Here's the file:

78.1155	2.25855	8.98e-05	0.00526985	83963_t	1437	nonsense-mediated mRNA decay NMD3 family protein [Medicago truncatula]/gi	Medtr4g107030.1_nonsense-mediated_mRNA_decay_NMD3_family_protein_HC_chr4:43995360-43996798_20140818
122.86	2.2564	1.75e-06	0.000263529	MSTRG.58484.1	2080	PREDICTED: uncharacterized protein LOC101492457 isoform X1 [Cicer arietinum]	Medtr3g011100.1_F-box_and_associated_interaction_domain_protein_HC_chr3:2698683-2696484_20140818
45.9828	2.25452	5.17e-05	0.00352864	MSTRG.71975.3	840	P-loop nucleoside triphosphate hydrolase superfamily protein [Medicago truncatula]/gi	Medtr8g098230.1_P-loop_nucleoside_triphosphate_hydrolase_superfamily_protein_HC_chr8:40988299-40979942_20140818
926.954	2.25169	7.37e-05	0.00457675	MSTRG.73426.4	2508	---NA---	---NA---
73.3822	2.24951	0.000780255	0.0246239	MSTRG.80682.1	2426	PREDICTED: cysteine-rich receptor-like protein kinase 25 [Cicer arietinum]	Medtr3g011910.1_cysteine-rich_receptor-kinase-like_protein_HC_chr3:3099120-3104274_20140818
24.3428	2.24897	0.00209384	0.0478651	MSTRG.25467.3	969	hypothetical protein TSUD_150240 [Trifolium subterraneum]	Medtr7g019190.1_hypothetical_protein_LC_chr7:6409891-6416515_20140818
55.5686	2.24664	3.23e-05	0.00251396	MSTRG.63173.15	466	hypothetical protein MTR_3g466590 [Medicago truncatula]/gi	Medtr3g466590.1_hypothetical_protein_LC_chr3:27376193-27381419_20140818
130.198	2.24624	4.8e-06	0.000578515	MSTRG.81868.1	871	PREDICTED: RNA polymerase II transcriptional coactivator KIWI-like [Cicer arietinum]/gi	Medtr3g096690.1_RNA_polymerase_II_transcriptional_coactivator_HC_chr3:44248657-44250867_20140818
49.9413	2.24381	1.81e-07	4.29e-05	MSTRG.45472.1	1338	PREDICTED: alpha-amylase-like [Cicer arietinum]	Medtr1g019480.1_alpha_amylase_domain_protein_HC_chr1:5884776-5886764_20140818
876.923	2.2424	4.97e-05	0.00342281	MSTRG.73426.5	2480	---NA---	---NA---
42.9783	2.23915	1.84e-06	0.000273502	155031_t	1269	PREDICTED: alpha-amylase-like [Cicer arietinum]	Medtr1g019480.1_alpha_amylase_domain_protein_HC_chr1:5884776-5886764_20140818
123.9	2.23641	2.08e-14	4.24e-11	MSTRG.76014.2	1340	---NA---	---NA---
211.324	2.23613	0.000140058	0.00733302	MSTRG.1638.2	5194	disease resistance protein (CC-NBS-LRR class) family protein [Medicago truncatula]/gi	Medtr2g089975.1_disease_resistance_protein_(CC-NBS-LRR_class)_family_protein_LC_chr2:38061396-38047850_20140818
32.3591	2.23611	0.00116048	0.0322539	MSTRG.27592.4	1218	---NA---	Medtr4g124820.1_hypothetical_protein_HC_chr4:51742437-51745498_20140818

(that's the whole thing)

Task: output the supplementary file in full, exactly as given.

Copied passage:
78.1155	2.25855	8.98e-05	0.00526985	83963_t	1437	nonsense-mediated mRNA decay NMD3 family protein [Medicago truncatula]/gi	Medtr4g107030.1_nonsense-mediated_mRNA_decay_NMD3_family_protein_HC_chr4:43995360-43996798_20140818
122.86	2.2564	1.75e-06	0.000263529	MSTRG.58484.1	2080	PREDICTED: uncharacterized protein LOC101492457 isoform X1 [Cicer arietinum]	Medtr3g011100.1_F-box_and_associated_interaction_domain_protein_HC_chr3:2698683-2696484_20140818
45.9828	2.25452	5.17e-05	0.00352864	MSTRG.71975.3	840	P-loop nucleoside triphosphate hydrolase superfamily protein [Medicago truncatula]/gi	Medtr8g098230.1_P-loop_nucleoside_triphosphate_hydrolase_superfamily_protein_HC_chr8:40988299-40979942_20140818
926.954	2.25169	7.37e-05	0.00457675	MSTRG.73426.4	2508	---NA---	---NA---
73.3822	2.24951	0.000780255	0.0246239	MSTRG.80682.1	2426	PREDICTED: cysteine-rich receptor-like protein kinase 25 [Cicer arietinum]	Medtr3g011910.1_cysteine-rich_receptor-kinase-like_protein_HC_chr3:3099120-3104274_20140818
24.3428	2.24897	0.00209384	0.0478651	MSTRG.25467.3	969	hypothetical protein TSUD_150240 [Trifolium subterraneum]	Medtr7g019190.1_hypothetical_protein_LC_chr7:6409891-6416515_20140818
55.5686	2.24664	3.23e-05	0.00251396	MSTRG.63173.15	466	hypothetical protein MTR_3g466590 [Medicago truncatula]/gi	Medtr3g466590.1_hypothetical_protein_LC_chr3:27376193-27381419_20140818
130.198	2.24624	4.8e-06	0.000578515	MSTRG.81868.1	871	PREDICTED: RNA polymerase II transcriptional coactivator KIWI-like [Cicer arietinum]/gi	Medtr3g096690.1_RNA_polymerase_II_transcriptional_coactivator_HC_chr3:44248657-44250867_20140818
49.9413	2.24381	1.81e-07	4.29e-05	MSTRG.45472.1	1338	PREDICTED: alpha-amylase-like [Cicer arietinum]	Medtr1g019480.1_alpha_amylase_domain_protein_HC_chr1:5884776-5886764_20140818
876.923	2.2424	4.97e-05	0.00342281	MSTRG.73426.5	2480	---NA---	---NA---
42.9783	2.23915	1.84e-06	0.000273502	155031_t	1269	PREDICTED: alpha-amylase-like [Cicer arietinum]	Medtr1g019480.1_alpha_amylase_domain_protein_HC_chr1:5884776-5886764_20140818
123.9	2.23641	2.08e-14	4.24e-11	MSTRG.76014.2	1340	---NA---	---NA---
211.324	2.23613	0.000140058	0.00733302	MSTRG.1638.2	5194	disease resistance protein (CC-NBS-LRR class) family protein [Medicago truncatula]/gi	Medtr2g089975.1_disease_resistance_protein_(CC-NBS-LRR_class)_family_protein_LC_chr2:38061396-38047850_20140818
32.3591	2.23611	0.00116048	0.0322539	MSTRG.27592.4	1218	---NA---	Medtr4g124820.1_hypothetical_protein_HC_chr4:51742437-51745498_20140818